He is correct. The details can be found at Father’s Weblog and they are deeply disturbing. This kind of thing is happening elsewhere where fringe elements of the activist homosexual community have decided to advance their cultural revolution, in spite of the rights of parents, by using children and the willing administration in some school systems. The Pacific Justice Institute is representing the parents in that area, free of charge. Rather than deal with the specific incident, I want to address the broader problem, the growing failure in some public school districts to respect parental rights. I also want to affirm the Catholic teaching on the primary role of parents in the lives of their children and in education. The Church is in favor of parental choice. Let me explain.
Parents are the first teachers of their children. The family is the first school. To support “Parental Choice in Education” is to affirm that Parents should be able to make the choice of how to extend their own teaching mission by choosing a school for their children outside of the home. It is to support their right to participate in curriculum development. The teaching of the Catholic Church on this issue is crystal clear. The family is the first cell of society, the first church, first government, first school, first hospital, first economy, and the first mediating institution of society. That teaching is at the heart of Catholic Social Thought. It should also lay the foundation for building a truly just public policy in the area of education.
A just view of good governance is grounded in the understanding that the family is the first government and that all other government must first be at its service. In his marvelous apostolic exhortation on the family (“The Role of the Christian family in the Modern World”) the Servant of God Pope John Paul II affirmed the social and political role of the family and called for the development of a “family politics”. Catholics, other Christians, other people of faith and all people of good must now embrace this challenge and develop just such a “family politics”.
All education begins in the home and all education outside of the home is an extension of that foundation. Those who render this extended teaching should see themselves as acting on behalf of the parents. This view used to be openly acknowledged in the legal doctrine called “in loco parentis.” Teachers were seen as standing in the place of the parents. Sadly, it is being replaced these days with a view which seems to undermine the role of parents. Children are not, in the words of the US Supreme Court in Wisconsin v. Yoder, 406 U.S. 205 (1972), “mere creatures of the State”. William Bentley Ball, the late, great Catholic lawyer and gentleman, secured this victory for parents and many others which reinforced it. That case secured the rightful role of parents. To stand in the place of parents did not mean “replacing” the parent but rather assisting them and deferring to them.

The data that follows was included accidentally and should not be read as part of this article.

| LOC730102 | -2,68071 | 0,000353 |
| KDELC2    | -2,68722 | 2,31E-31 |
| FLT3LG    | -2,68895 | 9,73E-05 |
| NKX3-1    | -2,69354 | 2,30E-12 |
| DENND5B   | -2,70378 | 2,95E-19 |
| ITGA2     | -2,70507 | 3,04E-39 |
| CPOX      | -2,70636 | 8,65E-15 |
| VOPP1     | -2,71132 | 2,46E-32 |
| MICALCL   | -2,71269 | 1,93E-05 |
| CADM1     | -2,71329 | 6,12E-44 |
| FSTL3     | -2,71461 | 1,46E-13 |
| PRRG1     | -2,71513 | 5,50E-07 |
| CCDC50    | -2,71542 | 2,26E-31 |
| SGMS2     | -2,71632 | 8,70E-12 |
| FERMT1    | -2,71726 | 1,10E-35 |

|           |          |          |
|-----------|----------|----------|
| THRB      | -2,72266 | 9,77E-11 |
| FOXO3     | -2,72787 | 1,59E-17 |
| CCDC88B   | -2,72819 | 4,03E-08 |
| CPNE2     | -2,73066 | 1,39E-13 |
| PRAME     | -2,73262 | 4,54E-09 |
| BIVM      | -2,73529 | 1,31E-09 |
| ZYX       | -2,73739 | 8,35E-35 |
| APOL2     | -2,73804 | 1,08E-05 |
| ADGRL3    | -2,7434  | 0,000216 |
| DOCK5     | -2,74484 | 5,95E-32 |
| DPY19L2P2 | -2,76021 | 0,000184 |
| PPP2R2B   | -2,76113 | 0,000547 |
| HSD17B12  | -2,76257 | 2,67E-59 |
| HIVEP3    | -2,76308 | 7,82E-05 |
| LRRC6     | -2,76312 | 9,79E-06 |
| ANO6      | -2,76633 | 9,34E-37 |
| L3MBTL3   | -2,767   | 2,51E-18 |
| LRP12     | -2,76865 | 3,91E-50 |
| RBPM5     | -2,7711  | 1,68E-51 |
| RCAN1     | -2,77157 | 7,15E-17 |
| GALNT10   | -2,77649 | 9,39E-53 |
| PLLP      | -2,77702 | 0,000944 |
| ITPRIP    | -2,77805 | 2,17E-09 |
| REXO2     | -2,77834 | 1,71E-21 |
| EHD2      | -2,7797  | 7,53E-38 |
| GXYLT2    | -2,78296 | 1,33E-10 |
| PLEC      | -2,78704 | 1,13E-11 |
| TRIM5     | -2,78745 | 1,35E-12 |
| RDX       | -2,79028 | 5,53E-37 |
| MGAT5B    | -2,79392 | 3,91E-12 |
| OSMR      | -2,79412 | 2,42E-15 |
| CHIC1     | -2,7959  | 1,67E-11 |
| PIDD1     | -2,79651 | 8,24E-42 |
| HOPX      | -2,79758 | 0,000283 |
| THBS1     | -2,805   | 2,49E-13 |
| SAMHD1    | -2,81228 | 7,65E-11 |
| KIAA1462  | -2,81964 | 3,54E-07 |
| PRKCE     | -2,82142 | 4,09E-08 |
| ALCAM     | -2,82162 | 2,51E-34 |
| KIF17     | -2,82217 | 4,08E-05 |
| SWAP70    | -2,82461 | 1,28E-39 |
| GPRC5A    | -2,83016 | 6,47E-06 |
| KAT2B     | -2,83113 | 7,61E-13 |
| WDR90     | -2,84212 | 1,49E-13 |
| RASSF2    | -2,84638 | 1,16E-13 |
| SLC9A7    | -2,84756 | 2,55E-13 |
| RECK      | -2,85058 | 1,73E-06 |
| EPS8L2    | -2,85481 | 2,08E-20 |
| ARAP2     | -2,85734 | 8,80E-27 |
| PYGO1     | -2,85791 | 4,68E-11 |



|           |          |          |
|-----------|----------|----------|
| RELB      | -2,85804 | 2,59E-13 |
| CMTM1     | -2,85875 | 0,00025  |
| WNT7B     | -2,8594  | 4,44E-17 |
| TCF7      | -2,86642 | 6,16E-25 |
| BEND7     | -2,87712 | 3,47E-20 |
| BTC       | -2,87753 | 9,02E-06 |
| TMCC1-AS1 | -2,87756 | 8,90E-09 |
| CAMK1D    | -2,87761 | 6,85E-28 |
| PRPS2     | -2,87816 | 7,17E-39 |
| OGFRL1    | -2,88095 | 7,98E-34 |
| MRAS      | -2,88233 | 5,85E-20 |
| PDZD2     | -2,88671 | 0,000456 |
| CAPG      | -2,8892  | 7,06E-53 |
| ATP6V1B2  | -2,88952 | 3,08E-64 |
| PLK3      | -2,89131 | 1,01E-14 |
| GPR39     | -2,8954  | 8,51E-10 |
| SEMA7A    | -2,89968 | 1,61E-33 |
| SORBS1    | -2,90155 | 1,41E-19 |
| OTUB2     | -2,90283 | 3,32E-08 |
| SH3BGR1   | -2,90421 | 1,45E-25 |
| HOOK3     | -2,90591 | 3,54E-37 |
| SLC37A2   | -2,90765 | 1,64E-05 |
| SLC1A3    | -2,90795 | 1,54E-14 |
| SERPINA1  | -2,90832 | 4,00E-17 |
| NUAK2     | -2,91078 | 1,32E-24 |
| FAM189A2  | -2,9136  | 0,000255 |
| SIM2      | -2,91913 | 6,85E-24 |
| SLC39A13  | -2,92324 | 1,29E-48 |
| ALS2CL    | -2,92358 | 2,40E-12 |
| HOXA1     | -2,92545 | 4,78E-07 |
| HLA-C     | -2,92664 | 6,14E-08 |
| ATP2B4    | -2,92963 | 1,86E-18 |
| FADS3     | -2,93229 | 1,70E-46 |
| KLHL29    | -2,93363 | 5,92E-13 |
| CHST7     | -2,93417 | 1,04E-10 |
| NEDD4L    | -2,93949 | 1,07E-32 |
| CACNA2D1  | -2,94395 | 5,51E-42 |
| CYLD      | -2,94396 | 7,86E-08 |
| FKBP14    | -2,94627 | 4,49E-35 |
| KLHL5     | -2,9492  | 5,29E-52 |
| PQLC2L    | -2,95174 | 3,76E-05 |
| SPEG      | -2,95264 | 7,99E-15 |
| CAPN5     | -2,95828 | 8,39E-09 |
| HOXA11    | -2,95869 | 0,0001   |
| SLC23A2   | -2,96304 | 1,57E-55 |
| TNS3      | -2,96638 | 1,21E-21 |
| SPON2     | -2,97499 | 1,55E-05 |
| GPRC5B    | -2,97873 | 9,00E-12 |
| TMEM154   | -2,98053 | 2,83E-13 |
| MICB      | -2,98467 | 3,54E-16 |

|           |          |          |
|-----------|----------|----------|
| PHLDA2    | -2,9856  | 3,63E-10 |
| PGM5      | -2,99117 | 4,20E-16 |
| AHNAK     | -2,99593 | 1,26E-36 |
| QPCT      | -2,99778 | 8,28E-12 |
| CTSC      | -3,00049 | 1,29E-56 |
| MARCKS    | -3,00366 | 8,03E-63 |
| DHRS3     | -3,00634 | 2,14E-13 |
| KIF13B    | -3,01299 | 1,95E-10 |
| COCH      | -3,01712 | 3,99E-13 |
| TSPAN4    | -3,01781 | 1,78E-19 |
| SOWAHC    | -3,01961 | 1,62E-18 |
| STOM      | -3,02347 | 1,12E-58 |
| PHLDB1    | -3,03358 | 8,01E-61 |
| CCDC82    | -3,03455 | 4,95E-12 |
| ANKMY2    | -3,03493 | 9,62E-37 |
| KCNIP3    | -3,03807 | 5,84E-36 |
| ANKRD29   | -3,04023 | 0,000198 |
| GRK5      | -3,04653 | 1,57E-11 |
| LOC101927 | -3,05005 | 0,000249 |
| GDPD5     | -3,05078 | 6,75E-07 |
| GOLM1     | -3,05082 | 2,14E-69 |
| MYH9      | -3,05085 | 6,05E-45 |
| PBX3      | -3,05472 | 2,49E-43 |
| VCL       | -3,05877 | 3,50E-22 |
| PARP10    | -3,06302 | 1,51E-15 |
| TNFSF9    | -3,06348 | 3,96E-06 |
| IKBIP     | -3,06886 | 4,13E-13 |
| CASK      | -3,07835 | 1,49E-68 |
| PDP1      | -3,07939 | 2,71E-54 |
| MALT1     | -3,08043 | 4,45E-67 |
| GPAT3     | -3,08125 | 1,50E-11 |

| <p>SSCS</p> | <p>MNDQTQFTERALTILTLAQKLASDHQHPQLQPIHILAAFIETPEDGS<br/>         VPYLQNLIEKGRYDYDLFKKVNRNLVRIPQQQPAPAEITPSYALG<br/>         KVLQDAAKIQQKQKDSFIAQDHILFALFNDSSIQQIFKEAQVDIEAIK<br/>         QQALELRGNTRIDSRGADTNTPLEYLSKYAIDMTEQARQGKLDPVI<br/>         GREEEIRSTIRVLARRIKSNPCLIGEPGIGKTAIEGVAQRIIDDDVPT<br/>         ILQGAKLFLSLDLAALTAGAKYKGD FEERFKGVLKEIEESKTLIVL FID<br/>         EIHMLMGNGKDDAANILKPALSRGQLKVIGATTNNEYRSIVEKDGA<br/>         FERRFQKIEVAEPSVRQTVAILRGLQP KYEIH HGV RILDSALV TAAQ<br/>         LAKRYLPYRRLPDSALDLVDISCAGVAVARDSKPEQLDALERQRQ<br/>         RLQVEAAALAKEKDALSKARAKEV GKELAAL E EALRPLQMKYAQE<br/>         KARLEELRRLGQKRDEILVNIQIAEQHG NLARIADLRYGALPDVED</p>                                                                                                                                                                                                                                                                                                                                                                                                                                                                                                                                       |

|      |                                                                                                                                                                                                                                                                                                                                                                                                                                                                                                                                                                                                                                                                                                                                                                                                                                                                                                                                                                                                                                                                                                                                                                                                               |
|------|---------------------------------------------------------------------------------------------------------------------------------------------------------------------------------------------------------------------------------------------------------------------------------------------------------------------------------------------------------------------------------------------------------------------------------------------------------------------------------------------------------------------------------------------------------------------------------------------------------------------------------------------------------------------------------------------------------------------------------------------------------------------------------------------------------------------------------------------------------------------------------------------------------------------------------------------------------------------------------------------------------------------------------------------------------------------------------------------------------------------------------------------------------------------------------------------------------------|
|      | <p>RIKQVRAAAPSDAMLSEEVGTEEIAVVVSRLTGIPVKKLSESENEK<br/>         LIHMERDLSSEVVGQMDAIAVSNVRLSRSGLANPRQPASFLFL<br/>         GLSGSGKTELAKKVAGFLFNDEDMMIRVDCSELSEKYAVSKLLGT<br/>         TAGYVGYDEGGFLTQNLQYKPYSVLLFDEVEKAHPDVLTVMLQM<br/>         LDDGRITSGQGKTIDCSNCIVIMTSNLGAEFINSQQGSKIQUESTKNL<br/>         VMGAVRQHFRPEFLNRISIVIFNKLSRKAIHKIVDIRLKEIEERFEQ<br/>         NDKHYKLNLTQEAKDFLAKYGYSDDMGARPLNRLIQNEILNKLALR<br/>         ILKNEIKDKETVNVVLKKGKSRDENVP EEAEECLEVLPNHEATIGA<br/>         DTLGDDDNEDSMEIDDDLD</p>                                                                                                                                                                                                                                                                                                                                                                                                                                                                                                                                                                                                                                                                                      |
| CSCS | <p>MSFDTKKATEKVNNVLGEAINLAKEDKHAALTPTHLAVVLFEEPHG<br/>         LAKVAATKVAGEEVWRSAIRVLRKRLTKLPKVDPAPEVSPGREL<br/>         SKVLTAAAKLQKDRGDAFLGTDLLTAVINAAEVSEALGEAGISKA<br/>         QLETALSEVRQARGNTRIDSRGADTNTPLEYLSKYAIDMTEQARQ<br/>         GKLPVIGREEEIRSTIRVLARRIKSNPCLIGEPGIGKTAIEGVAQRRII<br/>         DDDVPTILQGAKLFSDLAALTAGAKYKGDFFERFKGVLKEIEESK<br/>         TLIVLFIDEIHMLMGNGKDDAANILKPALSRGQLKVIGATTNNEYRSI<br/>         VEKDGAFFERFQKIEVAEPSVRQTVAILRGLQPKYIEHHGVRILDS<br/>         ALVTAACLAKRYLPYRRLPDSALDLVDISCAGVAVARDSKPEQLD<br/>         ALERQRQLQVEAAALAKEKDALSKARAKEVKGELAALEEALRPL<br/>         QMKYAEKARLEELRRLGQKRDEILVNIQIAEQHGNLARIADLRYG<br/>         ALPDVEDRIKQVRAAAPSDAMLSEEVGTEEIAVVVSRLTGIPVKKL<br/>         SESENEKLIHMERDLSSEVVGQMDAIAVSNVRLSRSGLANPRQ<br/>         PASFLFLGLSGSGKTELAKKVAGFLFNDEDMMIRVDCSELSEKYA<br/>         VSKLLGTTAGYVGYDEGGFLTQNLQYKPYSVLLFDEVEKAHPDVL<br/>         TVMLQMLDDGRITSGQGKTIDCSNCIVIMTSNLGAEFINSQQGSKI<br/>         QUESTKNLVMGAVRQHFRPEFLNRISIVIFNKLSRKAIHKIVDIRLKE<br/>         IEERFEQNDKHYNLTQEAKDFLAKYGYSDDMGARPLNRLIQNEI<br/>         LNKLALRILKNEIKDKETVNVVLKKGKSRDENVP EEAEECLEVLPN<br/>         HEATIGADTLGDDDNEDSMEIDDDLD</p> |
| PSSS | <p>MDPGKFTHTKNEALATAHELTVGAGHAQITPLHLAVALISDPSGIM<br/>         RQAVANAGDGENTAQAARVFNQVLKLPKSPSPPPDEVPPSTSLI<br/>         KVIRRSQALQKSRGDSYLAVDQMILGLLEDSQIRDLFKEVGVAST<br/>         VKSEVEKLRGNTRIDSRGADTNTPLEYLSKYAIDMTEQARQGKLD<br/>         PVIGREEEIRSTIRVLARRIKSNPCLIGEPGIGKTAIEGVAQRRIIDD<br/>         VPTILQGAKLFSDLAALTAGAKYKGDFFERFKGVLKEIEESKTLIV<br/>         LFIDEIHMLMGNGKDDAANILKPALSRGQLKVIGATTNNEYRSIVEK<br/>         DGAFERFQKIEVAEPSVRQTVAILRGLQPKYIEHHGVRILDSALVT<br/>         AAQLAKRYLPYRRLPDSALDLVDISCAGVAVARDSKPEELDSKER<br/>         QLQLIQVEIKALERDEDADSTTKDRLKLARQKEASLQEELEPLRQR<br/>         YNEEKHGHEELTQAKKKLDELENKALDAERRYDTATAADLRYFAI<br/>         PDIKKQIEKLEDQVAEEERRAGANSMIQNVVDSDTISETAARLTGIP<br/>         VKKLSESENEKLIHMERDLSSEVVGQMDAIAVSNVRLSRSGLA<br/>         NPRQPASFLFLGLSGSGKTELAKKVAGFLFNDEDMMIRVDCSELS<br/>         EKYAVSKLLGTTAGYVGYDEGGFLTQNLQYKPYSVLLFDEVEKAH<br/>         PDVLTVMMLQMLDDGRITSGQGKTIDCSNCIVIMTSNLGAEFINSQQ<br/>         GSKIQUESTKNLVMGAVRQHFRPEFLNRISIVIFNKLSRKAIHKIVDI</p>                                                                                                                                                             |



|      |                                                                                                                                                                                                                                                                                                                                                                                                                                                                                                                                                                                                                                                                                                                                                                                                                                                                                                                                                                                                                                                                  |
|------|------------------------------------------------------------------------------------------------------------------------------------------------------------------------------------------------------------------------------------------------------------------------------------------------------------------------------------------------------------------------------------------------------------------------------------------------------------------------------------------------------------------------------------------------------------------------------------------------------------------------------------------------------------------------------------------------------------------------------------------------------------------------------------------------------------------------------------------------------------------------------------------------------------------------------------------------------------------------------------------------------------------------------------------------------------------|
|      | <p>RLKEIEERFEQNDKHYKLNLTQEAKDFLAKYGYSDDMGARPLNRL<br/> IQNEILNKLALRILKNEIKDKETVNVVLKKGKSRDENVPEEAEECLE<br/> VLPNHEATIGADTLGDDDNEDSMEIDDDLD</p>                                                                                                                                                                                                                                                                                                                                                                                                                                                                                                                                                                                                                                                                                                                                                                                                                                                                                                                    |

The teaching of the Catholic Church on the primacy of parents in the education of their children is undeniable and fundamental. Among the magisterial documents reaffirming it is the Apostolic Exhortation “Familiaris Consortio” (The Role of the Christian Family in the Modern World) by the late Servant of God John Paul II. In it he wrote: “The right and duty of parents to give education is essential, since it is connected with the transmission of human life; it is original and primary with regard to the educational role of others, on account of the uniqueness of the loving relationship between parents and children; it is irreplaceable and inalienable, and therefore incapable of being entirely delegated to others or usurped by others…”
In his “Letter to Families”, he addressed parents as the ones responsible for the first School, the domestic church of the family: “Parents are the first and most important educators of their own children, and they also possess a fundamental competence in this area; they are educators because they are parents. They share their educational mission with other individuals or institutions, such as the Church and the State. But the mission of education must always be carried out in accordance with a proper application of the Principle of Subsidiarity. This implies the legitimacy and indeed the need of giving assistance to the parents, but finds its intrinsic and absolute limit in their prevailing right and actual capabilities.
“The principle of subsidiarity is thus at the service of parental love, meeting the good of the family unit. For parents by themselves are not capable of satisfying every requirement of the whole process of raising children; especially in matters concerning their schooling and the entire gamut of socialization. Subsidiarity thus complements paternal and maternal love and confirms its fundamental nature, inasmuch as all other participants in the process of education are only able to carry out their responsibilities in the name of the parents, with their consent and, to a certain degree, with their authorization.”
The challenges being faced by parents in the Alameda Unified School District in California are replicated in many other places in the United States. It is essential that Catholic parents join with others who share this view of the family and this philosophy of education to defend parental rights and build a new family politics. It is time for a State by State and National effort to promote Parental Choice in education.